The Langobards often embellished their own jewelry with gems carved centuries earlier by Roman or Etruscan craftsmen. These gems, valued for their antiquity, linked their Langobardic wearers to the illustrious peoples who preceded them on the Italian peninsula.
Samuel T. Baxter, Florence (until 1895)
New York. The Cloisters Museum & Gardens, The Metropolitan Museum of Art. "Treasures and Talismans: Rings from the Griffin Collection," May 1–October 18, 2015.
Catalogue of Etruscan jewellery with some Roman and Langobardic ornaments in the collection of S.T. Baxter. Florence: Claudian Press, 1886. no. 197, p. 19.
Tyler, Royall, and Hayford Peirce. L'art Byzantin. Vol. 2. Paris: Librarie de France, 1934. pl. 208c.
Foltiny, Stephen. "Langobardic Fibulae from Italy in the Metropolitan Museum of Art in New York." Acta Toscana 1 (1974). pp. 28-29, fig. 2.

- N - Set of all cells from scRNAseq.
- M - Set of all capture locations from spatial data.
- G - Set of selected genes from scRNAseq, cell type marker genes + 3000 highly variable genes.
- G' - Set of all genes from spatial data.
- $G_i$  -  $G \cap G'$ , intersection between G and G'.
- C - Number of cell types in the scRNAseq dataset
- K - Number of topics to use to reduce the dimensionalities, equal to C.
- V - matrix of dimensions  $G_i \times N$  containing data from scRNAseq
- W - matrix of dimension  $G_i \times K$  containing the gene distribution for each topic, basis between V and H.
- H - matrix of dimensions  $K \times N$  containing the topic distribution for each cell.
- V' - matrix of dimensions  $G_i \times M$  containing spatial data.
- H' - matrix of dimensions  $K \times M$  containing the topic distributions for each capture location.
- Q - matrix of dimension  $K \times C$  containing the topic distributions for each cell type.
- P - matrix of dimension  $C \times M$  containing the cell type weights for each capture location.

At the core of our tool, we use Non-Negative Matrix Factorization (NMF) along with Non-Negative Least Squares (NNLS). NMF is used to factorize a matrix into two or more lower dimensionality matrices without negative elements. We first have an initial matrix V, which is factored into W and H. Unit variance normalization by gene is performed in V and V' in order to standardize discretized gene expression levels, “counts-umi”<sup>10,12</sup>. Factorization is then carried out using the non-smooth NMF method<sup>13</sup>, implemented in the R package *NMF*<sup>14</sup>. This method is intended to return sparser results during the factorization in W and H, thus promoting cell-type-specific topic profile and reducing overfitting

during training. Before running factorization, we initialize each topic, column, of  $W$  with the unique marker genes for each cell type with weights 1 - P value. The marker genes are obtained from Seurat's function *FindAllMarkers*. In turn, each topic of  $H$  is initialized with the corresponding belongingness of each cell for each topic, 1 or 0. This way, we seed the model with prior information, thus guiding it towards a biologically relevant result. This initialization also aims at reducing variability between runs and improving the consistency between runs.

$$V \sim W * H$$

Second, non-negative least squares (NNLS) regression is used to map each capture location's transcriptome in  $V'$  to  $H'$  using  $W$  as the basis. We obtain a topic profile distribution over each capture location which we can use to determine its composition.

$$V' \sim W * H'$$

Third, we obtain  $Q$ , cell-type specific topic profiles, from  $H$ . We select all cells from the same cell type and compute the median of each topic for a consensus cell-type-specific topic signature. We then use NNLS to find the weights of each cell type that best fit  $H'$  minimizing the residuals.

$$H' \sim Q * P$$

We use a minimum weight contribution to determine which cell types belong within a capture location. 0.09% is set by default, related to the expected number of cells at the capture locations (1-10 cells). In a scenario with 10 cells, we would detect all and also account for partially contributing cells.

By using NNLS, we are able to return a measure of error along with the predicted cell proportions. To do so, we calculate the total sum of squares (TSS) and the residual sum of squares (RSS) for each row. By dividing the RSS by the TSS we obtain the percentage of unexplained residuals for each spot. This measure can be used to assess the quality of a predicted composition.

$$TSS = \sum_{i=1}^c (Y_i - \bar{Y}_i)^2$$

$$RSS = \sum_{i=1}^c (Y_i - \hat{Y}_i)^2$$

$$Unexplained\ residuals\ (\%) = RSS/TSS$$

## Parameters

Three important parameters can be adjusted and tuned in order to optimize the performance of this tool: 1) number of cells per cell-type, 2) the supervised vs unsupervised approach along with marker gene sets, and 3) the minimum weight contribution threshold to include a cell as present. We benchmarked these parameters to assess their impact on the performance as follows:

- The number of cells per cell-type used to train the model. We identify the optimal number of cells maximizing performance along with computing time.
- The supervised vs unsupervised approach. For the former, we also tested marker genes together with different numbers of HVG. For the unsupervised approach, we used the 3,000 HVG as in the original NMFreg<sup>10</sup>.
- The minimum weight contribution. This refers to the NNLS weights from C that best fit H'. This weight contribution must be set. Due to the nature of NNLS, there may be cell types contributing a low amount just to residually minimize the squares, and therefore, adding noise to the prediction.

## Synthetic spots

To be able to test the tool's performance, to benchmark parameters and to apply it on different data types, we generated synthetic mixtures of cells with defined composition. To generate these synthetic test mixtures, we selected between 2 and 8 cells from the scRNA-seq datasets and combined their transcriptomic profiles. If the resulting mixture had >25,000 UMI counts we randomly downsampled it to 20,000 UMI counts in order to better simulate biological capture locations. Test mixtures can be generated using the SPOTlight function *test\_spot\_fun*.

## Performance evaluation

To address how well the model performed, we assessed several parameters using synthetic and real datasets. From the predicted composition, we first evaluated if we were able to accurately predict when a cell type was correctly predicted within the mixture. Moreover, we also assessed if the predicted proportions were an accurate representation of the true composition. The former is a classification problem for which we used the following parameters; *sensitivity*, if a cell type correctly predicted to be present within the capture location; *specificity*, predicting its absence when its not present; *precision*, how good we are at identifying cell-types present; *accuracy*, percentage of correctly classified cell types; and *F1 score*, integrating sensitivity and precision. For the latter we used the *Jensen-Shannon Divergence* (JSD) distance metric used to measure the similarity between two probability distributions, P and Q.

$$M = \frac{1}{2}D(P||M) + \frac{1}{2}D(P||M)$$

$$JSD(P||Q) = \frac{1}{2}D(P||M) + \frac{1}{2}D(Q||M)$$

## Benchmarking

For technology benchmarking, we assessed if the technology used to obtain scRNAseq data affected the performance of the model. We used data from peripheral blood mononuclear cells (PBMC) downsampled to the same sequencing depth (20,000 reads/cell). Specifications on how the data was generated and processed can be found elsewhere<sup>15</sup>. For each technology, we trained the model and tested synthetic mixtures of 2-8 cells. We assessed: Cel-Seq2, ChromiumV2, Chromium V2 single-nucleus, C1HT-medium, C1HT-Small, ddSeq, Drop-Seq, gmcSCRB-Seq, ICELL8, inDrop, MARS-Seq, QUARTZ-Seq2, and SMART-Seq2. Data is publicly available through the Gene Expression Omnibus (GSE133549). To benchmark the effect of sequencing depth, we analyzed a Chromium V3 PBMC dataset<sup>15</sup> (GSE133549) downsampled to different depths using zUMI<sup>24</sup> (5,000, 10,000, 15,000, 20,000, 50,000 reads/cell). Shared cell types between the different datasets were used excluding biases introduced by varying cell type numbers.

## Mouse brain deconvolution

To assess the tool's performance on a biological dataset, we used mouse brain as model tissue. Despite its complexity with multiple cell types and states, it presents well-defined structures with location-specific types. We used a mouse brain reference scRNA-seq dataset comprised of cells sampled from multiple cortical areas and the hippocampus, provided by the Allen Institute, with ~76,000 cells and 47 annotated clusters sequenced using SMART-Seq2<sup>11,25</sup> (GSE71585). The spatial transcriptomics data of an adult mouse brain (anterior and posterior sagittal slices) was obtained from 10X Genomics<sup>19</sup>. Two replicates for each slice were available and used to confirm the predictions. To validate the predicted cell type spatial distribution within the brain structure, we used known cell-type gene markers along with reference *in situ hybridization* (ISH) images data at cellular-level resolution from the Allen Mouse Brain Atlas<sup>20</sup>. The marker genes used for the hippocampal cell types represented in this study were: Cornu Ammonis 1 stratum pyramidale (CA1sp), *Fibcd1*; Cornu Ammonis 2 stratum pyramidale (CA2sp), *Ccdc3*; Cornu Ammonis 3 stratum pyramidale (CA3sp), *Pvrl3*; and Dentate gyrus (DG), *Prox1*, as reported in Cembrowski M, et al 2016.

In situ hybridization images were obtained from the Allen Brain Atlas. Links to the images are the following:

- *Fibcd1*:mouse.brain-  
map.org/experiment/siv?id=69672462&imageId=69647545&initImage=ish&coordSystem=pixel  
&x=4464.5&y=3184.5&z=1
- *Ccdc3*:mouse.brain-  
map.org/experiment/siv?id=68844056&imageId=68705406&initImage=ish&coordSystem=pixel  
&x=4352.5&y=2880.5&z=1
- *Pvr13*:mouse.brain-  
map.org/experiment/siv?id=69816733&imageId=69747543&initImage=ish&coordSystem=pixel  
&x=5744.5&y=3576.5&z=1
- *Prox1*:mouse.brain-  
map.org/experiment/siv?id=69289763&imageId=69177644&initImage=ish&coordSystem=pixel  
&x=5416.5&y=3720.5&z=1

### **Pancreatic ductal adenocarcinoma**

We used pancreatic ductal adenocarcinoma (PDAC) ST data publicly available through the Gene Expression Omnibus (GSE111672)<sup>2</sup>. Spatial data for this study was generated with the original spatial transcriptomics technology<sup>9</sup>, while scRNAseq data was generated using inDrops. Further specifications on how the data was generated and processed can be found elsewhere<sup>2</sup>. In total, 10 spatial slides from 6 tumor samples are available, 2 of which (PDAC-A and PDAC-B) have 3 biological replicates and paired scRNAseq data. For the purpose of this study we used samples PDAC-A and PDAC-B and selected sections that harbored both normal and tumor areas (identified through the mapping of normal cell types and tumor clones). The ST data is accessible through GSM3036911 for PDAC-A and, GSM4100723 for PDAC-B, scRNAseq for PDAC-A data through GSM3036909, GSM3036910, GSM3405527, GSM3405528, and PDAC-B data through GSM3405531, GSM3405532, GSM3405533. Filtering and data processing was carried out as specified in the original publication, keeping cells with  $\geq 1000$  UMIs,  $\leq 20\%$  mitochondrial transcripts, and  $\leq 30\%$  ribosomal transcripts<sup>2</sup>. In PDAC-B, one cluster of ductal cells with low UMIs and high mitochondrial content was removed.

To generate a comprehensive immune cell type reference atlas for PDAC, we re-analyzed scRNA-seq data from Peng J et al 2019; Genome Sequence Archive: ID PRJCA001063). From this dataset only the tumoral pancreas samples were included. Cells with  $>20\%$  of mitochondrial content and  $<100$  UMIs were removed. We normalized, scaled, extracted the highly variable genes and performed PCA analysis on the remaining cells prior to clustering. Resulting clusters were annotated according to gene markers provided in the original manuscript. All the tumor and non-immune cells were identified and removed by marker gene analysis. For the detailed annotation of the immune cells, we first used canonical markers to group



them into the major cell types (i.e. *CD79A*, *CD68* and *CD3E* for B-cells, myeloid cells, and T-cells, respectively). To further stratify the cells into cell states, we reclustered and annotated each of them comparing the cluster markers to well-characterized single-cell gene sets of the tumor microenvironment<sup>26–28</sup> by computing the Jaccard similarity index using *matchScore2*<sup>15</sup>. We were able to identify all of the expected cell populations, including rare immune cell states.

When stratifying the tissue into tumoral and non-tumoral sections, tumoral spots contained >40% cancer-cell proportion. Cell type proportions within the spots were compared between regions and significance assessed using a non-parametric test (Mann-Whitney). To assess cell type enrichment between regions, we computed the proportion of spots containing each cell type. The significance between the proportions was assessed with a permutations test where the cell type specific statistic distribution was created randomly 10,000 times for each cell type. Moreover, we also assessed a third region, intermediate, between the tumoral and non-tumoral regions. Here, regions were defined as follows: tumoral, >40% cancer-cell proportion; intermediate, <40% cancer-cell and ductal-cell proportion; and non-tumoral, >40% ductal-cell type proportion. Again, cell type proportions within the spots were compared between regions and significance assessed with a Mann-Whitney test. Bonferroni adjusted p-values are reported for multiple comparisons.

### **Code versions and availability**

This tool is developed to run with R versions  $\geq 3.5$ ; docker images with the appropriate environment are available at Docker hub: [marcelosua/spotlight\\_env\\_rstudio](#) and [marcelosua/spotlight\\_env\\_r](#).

Brown, Katharine R. Guide to Provincial Roman and Barbarian Metalwork and Jewelry in the Metropolitan Museum of Art. New York: The Metropolitan Museum of Art, 1981. p. 24, fig. 37.
Brown, Katharine R. "Two Langobardic Fibulae in the Metropolitan Museum of Art." Archeologia Medievale 14 (1987). pp. 447-449, fig. 1.
Brown, Katharine R. Migration Art, A.D. 300-800. New York: The Metropolitan Museum of Art, 1995. pp. 13, 33-35, 51, fig. 7.
Brown, Katharine R., Dafydd Kidd, and Charles T. Little, ed. From Attila to Charlemagne: Arts of the Early Medieval Period in the Metropolitan Museum of Art. New York and New Haven: The Metropolitan Museum of Art, 2000. p. 153, 339, fig. 6d, 13.19.
The Metropolitan Museum of Art. "Cameo Appearances." The Metropolitan Museum of Art Bulletin, n.s., 65, no. 4 (Spring 2008). p. 17, fig. 26.